I first saw "Day of the Locust" because I thought Karen Black was keen. I liked the film, but I can't say I understood its point at the time. What's with the faceless people, Sutherland's hands, and the angry dwarf? Sounds like David Lynch to me, especially in light of "Mulholland Drive" and its scathing, unsympathetic view of Hollywood (it even has a cowboy!)

I finally got around to reading the Nathanael West novel -- which is absolutely brilliant -- and decided to watch the film again. And I need to say that, as much as I still appreciate and enjoy the movie, it really missed the boat, trying to cram bits and pieces of ideas from the novel (the strange, artificial relationship between Faye and her father, the barely-restrained violence of those who "come to Hollywood to die," the anachronistic and cold facade of Hollywood and the people in charge of it), meanwhile stuffing in some 70's ideas, reflecting back on the beginnings of WWII (which wasn't an issue in the book at all), and -- strangely enough -- adding warmth and humanity to characters whose sole characteristic (in the novel) was that they had NO warmth or humanity whatsoever.

And that's the weird thing about this movie. I remember, when I first saw it, I was amazed at how unlikeable all the characters were. After reading the book, however, I can say that the characters in the movie are FAR TOO likeable to support any of the book's themes. This is most notable when it comes to Faye's little breakdowns, letting the viewer know that she's really a good person who wants to be loved, turning her into a VICTIM of the star system. But the point of the book -- as I gathered, anyway -- was that these people aren't victims at all. They're greedy people who victimize each-other, and usually in sloppy, stupid ways ("Jeepers, Creepers!") Faye isn't capable of an unaffected tender moment, all she can do is pretend. The same goes for her father: even his moments of genuine sickness and pain are filtered through his never-ending vaudeville routine.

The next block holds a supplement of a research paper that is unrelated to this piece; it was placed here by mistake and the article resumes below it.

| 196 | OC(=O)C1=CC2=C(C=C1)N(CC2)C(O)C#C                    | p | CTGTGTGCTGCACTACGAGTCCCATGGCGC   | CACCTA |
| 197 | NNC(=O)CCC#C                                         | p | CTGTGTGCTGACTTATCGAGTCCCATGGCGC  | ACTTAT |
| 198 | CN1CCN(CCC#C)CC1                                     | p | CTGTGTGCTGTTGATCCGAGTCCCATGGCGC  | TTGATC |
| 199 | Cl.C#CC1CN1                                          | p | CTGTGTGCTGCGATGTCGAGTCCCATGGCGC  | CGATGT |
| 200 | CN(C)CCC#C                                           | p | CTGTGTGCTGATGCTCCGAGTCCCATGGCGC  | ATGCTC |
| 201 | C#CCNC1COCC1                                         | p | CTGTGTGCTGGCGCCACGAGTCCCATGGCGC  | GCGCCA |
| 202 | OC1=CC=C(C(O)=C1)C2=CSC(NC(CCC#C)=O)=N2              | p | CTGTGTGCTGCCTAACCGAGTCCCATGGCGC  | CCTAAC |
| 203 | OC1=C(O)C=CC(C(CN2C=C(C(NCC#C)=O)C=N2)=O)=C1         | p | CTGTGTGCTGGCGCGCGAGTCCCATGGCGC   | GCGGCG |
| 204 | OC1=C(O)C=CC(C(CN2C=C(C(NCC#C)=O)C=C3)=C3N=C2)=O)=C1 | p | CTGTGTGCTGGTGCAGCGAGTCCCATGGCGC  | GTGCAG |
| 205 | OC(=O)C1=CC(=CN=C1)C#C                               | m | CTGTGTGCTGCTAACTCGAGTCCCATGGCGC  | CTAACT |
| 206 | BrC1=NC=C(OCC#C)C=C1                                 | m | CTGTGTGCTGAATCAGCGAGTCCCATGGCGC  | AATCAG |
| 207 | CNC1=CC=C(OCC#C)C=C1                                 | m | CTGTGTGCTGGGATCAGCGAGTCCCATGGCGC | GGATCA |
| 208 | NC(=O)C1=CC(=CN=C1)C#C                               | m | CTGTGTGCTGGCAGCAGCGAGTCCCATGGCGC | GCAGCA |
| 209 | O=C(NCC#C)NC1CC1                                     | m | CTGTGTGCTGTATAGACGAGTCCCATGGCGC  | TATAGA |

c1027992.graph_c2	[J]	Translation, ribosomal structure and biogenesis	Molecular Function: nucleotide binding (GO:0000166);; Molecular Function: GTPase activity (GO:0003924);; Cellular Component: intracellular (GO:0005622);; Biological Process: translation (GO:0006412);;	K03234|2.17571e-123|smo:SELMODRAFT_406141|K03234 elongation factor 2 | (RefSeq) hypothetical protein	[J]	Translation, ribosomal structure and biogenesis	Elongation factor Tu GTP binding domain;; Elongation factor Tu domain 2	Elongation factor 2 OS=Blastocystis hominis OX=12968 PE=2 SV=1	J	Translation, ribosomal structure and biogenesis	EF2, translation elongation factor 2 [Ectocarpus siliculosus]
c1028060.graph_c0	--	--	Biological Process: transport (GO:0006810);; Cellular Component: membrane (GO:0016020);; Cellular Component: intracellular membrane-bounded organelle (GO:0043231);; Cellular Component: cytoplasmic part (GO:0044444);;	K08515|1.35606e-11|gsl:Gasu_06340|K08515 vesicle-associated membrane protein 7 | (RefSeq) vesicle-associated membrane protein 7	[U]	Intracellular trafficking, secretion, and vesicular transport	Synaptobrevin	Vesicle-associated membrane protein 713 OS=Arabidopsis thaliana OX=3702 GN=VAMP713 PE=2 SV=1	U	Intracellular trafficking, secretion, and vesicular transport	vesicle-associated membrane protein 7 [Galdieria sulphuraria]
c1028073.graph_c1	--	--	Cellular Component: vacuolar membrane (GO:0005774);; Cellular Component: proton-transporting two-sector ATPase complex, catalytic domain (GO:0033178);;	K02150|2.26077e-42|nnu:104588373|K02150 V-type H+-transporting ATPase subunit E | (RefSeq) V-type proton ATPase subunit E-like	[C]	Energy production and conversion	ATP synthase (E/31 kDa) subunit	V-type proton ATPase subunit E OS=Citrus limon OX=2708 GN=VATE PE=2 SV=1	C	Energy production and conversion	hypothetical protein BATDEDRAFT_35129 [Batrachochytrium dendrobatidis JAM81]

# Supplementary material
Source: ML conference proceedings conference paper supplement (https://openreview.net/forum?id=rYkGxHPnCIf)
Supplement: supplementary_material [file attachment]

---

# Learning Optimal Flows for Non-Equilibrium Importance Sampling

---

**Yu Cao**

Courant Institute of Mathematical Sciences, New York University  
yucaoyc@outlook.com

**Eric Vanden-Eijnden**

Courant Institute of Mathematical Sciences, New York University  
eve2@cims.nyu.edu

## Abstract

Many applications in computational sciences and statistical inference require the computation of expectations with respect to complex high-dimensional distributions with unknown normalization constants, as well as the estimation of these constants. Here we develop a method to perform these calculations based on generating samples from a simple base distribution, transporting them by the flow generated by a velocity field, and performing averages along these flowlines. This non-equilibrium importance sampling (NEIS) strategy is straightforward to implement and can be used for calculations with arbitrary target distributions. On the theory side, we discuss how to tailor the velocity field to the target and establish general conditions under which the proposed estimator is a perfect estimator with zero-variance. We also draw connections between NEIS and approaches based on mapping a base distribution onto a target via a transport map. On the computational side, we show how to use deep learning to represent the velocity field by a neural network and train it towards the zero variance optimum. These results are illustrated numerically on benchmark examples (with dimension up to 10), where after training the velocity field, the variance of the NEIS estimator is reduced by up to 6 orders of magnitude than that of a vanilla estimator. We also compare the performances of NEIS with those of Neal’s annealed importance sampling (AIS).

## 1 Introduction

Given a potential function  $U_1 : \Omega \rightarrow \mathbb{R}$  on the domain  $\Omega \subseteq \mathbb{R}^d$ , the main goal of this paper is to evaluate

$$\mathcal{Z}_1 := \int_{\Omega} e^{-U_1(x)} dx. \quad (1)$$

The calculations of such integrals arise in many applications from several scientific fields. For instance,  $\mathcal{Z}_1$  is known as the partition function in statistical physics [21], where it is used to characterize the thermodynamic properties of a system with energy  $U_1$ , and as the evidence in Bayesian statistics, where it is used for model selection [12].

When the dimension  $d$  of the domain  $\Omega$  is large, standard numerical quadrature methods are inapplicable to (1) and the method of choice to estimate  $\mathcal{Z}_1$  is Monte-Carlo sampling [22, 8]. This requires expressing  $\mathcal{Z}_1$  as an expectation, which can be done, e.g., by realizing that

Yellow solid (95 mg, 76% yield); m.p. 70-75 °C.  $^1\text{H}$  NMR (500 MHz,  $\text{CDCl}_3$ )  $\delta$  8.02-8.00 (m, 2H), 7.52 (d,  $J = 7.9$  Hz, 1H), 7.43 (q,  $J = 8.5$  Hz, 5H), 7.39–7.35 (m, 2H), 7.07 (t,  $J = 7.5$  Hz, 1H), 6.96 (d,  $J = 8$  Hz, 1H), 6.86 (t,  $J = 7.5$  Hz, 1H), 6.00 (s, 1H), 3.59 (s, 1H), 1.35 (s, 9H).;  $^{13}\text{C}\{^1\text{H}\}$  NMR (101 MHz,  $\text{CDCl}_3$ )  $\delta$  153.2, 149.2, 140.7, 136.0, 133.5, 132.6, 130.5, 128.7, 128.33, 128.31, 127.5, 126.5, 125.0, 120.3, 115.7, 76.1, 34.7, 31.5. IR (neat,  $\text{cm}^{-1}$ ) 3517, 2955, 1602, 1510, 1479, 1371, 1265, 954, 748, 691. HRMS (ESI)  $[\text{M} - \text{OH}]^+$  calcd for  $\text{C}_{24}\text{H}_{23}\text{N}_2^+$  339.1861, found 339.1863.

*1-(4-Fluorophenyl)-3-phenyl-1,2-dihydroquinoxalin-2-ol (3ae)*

Homer Simpson, as well, is portrayed (in the film) as a sort of unfortunate lump, and a bible-thumper to boot, taken advantage of by Faye. But that destroys one of the great levels of nastiness in the novel: Homer is just as much as an opportunist as Faye, and he deserves everything he gets. Why is he being so generous, letting her stay with him and hold cock-fights in his garage? Because he's a pathetic, incapable human being who barely has a human feature to him: he's just a collection of nervous ticks. He lusts after her, and he seems to delight in his thwarted lust. He's got less going for him than that lizard on the cactus, eating flies.

The film suffers from an attempt to make the characters likeable, almost without exception. The only person who escapes this "Hollywood-ization" of the book is Adore, the horrible child star whose fate nobody who has seen the movie (or read the book) will ever forget. Jeez!

If you find yourself watching this movie and "just not getting it," do yourself a favour and read the book. It won't make the movie any clearer, but you can at least view the movie as a clear-cut example of the sort of thing the book was pointing out and railing against, way back in 1939 when this idea was still a novel one: Hollywood films are manipulative and full of fakery, and so are humans in general, and people in general are also ghoulish and horrible, and no amount of eyelash-fluttering or smooth tango-dancing will disguise that. You might be the owner of a big studio and have an inflatable dead horse in your pool, but you still can't relate to your wife, and the only thing left in your life is pathetic thrill-seeking (cock-fights, cheesy stag flicks).

(Incidentally, I'm amazed at how many quirky things ended up in the screenplay that WEREN'T part of the book! Kudos to the scriptwriter for that at least!)


21 of 26 people found this review helpful.  Was this review helpful to you?